SPRINGDALE, Ark. (BP)–As 100 Southern Baptist Disaster Relief crews from a dozen states continue to mobilize, more than 160,000 people remain without electricity in Arkansas and Kentucky, the two states hardest hit by devastating ice storms in late January.
An estimated 600,000 Kentucky customers initially were without power. Louisville Gas and Electric now is reporting that 16,000 of its customers still have no power, while Kentucky Utilities says 54,000 of its customers remain in the dark.
In Arkansas, 350,000 customers’ electricity was knocked out by ice-laden trees and power lines, but that number is now down to 97,000 as of Tuesday (Feb. 3) evening, according to the Arkansas Democrat Gazette.
The national death toll is 55 from the historic ice storm that blew out of the central plains and covered several states in the Midwest and South with as much as two inches of ice. The Kentucky Division of Emergency Management reported that 24 Kentuckians have died as a result of the storm, while 17 died ice storm-related deaths in Arkansas.
In Arkansas, 16 Baptist disaster relief teams have arrived from the Kansas/Nebraska, Louisiana and Mississippi state conventions. Most of the volunteers will tackle 150 requests for much-needed chainsaw work for downed trees due to the ice.
Five shower units also have been provided by Kansas/Nebraska, Louisiana and the North American Mission Board for disaster volunteers in Arkansas. Work sites include Berryville, Mt. Home, Blytheville, Paragould, Siloam Springs and Springdale.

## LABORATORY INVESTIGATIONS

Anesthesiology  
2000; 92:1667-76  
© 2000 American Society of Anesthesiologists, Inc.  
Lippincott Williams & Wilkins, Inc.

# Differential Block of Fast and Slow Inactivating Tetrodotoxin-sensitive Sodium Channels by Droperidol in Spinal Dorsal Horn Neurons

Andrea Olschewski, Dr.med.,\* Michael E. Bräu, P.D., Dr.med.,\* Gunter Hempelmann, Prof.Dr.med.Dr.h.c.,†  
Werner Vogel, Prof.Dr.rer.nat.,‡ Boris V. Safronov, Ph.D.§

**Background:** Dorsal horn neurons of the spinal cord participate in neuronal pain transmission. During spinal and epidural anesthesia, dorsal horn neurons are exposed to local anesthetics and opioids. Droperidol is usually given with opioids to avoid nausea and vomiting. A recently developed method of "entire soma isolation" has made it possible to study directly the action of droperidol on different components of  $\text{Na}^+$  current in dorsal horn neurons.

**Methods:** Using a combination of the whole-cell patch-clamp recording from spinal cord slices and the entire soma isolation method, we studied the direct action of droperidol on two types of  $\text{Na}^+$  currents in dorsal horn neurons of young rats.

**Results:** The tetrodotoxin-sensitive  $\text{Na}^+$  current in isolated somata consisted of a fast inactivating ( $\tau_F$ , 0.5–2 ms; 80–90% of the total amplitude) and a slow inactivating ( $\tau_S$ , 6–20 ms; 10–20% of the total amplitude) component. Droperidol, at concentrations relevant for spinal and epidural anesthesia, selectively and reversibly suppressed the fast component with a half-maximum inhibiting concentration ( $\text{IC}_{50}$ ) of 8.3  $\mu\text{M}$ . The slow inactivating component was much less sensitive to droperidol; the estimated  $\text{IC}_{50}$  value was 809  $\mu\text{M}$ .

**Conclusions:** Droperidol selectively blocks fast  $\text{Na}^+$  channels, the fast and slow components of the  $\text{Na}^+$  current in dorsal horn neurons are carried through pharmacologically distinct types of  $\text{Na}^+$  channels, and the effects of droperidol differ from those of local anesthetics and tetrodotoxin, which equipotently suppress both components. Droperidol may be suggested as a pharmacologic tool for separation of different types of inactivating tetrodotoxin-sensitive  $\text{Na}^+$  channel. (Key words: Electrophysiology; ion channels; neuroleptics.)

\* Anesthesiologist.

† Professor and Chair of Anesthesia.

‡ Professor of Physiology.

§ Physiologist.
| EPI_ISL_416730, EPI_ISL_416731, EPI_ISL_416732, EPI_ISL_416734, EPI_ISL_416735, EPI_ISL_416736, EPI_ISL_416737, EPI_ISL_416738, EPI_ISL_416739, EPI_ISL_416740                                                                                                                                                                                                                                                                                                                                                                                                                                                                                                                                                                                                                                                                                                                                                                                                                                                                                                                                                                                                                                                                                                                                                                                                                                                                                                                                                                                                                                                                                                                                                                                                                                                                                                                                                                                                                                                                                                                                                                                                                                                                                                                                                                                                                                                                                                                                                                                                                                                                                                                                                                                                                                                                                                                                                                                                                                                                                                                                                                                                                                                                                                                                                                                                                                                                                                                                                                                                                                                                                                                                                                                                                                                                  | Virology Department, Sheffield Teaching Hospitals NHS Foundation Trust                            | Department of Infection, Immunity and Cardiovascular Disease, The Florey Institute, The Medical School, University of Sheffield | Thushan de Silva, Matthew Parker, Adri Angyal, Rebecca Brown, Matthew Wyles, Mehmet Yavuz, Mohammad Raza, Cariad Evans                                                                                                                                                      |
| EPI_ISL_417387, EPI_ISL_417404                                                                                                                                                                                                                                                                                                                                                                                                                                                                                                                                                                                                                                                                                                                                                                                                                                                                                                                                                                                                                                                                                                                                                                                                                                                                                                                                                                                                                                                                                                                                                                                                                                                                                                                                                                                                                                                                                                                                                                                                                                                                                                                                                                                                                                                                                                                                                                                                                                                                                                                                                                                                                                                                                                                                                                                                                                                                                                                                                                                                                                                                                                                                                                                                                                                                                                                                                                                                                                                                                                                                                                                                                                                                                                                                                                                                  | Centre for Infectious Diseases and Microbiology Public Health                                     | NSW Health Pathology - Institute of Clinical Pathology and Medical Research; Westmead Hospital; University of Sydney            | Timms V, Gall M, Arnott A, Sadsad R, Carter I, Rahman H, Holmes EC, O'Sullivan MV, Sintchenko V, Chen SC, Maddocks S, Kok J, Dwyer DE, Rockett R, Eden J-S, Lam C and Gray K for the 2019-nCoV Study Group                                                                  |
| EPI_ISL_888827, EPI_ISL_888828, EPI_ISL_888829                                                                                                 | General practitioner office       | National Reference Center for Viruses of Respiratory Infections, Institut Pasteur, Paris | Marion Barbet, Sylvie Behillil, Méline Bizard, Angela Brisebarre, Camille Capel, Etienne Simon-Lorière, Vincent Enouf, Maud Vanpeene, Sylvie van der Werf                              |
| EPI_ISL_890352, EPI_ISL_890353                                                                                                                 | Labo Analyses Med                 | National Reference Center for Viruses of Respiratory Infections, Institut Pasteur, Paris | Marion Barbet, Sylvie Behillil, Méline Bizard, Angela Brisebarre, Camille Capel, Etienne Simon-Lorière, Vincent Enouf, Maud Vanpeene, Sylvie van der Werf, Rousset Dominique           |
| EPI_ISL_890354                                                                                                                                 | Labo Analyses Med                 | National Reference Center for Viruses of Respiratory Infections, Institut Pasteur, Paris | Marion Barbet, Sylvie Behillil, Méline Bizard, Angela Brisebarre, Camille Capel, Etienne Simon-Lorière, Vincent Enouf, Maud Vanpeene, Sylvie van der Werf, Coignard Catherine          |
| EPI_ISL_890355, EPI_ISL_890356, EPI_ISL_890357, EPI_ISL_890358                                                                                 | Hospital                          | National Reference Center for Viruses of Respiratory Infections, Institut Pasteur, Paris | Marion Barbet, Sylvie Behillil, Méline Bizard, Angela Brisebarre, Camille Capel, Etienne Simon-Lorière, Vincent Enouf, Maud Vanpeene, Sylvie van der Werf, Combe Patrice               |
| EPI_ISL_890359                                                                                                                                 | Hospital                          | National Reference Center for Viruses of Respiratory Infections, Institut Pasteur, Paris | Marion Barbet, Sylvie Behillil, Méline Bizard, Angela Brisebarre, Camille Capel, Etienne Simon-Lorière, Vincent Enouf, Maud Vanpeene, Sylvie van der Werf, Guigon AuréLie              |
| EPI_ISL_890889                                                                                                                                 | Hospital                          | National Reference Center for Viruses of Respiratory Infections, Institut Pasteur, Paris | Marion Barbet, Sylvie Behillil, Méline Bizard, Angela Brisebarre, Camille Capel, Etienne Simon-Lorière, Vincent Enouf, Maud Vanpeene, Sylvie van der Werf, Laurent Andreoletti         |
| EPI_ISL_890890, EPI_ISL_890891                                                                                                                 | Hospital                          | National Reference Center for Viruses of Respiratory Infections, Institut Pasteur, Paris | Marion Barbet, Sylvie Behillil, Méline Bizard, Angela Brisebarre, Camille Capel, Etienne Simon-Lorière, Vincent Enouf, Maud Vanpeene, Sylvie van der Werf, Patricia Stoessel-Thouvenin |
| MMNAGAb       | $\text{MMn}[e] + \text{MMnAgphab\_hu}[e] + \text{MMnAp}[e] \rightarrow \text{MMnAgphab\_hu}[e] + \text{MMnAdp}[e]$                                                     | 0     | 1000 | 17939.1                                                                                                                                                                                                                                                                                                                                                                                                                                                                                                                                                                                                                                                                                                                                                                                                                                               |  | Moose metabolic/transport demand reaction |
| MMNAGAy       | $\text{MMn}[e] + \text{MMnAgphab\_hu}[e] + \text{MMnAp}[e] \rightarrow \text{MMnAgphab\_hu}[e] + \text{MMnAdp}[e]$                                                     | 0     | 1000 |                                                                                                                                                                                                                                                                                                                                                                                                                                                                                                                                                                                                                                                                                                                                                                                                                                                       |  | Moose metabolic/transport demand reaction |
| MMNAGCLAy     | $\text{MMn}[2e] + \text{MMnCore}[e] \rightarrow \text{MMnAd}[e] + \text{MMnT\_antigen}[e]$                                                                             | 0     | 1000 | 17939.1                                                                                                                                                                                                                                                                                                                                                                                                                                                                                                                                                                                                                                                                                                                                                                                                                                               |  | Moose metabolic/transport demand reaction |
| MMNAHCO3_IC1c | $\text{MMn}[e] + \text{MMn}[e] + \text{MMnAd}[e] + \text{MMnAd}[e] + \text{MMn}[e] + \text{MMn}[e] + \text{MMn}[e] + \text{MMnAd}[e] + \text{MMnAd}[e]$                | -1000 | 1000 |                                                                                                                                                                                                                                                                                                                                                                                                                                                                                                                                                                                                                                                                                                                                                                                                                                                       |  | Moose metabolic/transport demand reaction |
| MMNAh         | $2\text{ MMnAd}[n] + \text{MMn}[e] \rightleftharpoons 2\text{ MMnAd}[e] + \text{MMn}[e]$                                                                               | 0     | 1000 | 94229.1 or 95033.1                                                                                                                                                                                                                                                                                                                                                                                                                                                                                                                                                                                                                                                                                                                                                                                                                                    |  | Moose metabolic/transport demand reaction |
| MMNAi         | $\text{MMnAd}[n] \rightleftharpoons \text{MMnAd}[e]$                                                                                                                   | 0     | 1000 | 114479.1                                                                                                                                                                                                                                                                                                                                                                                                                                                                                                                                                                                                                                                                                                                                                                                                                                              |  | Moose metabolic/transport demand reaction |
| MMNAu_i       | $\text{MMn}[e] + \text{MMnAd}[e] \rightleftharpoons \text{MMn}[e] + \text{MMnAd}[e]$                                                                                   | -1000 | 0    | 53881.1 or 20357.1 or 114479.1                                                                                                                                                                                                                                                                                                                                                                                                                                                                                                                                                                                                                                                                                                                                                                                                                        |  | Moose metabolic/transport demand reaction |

Three disaster teams from Louisiana and two from First Baptist Church in Springdale, Ark., were welcomed visitors at Al Slimmer’s home on Buena Vista Circle in Springdale. Slimmer, 67, and his 64-year-old wife were trapped in their home, in ill health and without power for six days.
“We’ve been in bad health and, without these guys, we would have been in trouble,” Slimmer said.
Howard Turner, pastor of Live Oak Baptist Church in Denham Springs, La., led the chainsaw team at Slimmer’s home, assisted by chainsaw teams from First Baptist Church in Bentonville, Ark., and First Baptist Springdale. Turner said he has served on a chainsaw team for 10 years. Although he’s worked Hurricanes Ivan, Katrina and Gustav, Turner said ice storm work is particularly challenging.
“There are two issues with ice,” Turner said. “First, you have to be really careful when there’s ice on a roof. Second, it’s really tough on your chains and equipment when you have to cut through ice. You go through twice as many chains. But we do it because we love the Lord.”
In Kentucky, more than 20 Southern Baptist Disaster Relief crews are now on the ground. In addition to its own state Baptist DR teams, Kentucky is receiving the lion’s share of its chainsaw support from the Tennessee Baptist Convention, which is providing seven recovery units for chainsaw work based in Princeton, Ky. The Mississippi convention has deployed one chainsaw unit in Mayfield, Ky., while NAMB is providing two shower units there. The Illinois Baptist State Association is running a shower unit in Bardwell, Ky.
In addition to outside help, the Kentucky convention itself also is operating feeding units in Cadiz, Princeton and Stanford and a recovery unit in Beaver Dam.
Karl Ragan, manager of NAMB’s disaster operations center in Alpharetta, Ga., said the center is monitoring the situation and is ramping up for more activity in the days ahead by adding NAMB staff.
“We keep discovering more and more pockets of needs, especially in Kentucky and Arkansas,” Ragan said. Other disaster relief work is under way by Baptists in Oklahoma and Missouri.
Mickey Noah is a writer for the North American Mission Board; Tammi Ledbetter is news editor of the Southern Baptist TEXAN.